Working in partnership with suppliers can offer significant benefits generally and certainly during operational development. Building collaborative relationships across the supply chain builds resilience.
Discussions should explore how:
- flexible responses to demand can be supported
- joint problem-solving could operate
- local knowledge can be shared, especially when expanding to new markets
- benefits from new ways of working can be secured and shared.
There may be options to balance supply with a mix of global and regional suppliers but without establishing collaborative relationships any ‘near-shoring’ could have limited impact.
Much has been written about the opportunities to improve information sharing in supply networks to deliver service gains, drive cost efficiencies and reduce inventories. The reality on the ground has been exposed by the COVID 19 pandemic. Whilst it may seem we are awash with data, moving from pockets of data capture to timely information sharing and improving visibility across supply networks has some way to go. There are significant challenges to improving transparency across tiers in any network but if ever there was a moment that shows the value and potential return on investment for relevant technologies it is now. The supply chain needs to be core to any digital transformation programme in a business.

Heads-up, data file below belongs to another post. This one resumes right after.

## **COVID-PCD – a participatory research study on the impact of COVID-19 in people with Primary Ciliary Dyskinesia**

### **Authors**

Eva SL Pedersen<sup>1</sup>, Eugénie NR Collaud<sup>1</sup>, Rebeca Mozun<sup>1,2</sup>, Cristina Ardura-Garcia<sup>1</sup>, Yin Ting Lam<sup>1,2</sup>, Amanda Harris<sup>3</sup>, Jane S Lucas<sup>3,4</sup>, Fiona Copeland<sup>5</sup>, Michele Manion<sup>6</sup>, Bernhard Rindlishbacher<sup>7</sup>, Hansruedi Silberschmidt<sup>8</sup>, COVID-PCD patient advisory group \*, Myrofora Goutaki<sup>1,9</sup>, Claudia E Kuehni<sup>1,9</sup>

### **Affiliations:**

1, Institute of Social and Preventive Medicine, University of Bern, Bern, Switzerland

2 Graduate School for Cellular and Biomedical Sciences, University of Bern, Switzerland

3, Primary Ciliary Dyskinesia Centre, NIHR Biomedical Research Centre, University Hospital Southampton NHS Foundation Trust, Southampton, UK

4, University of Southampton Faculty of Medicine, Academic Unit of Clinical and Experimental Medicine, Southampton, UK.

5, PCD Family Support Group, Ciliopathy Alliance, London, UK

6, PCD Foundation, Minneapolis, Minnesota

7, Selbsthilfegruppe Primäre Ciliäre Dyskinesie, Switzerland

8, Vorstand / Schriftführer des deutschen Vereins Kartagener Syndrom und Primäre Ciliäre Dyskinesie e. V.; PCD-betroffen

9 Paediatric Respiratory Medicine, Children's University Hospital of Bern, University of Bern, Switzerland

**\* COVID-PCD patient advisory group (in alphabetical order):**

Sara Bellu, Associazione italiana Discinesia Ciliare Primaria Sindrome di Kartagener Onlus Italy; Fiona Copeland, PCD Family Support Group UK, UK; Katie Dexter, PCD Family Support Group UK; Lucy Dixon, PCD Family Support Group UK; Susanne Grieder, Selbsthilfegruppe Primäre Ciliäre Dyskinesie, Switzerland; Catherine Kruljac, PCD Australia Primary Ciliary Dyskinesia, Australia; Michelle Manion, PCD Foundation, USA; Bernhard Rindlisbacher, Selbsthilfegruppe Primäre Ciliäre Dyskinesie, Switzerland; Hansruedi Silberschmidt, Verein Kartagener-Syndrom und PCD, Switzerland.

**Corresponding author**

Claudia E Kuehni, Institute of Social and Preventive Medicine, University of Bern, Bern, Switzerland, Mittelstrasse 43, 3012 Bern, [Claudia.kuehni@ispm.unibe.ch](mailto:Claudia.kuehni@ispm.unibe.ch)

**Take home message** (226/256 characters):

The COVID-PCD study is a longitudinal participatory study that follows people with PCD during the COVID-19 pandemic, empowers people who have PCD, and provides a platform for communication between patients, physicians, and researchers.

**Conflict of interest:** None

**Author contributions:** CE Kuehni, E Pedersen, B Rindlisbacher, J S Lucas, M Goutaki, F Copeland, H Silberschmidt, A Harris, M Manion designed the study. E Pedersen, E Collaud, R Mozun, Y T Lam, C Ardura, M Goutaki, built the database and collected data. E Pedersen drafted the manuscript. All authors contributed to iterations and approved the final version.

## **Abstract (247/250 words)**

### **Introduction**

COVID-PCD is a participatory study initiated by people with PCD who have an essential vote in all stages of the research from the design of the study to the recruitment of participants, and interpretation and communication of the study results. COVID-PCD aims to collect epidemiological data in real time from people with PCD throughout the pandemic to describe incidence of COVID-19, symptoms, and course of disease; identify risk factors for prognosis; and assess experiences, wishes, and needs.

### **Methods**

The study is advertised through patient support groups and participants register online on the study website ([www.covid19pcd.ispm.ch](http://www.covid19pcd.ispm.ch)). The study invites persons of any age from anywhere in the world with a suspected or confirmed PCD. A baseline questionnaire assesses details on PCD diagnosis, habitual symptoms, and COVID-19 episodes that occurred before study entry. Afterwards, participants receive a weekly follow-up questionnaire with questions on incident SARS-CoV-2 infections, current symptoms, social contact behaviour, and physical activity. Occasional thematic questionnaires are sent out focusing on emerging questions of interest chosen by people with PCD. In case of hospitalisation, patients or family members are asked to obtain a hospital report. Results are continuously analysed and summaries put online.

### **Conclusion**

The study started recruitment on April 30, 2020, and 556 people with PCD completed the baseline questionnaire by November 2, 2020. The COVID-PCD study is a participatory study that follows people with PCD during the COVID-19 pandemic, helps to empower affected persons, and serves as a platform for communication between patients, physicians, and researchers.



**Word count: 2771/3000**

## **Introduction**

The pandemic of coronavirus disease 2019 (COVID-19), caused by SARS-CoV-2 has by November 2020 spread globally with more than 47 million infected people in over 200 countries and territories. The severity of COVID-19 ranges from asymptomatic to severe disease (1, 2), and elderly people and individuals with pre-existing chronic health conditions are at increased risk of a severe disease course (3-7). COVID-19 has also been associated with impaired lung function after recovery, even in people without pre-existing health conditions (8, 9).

Creating a comprehensive view of the supply network is also the critical starting point to better understanding risk. A view of the immediate tier of suppliers should be expanded, ideally in collaboration with these businesses, to qualify points in the network (nodes) and assess their criticality. Using a product’s bill of materials can support this assessment and start to qualify the scale of risks these nodes are subject to, for example, operating in an area with higher probability of flooding or with concerns around trade policy changes.
Compliance to labour and environmental standards is very much in focus as businesses seek to deliver on environmental, social and governance (ESG) commitments. Not knowing what is happening across the network and accepting false assurances diminishes credibility and may impact revenues.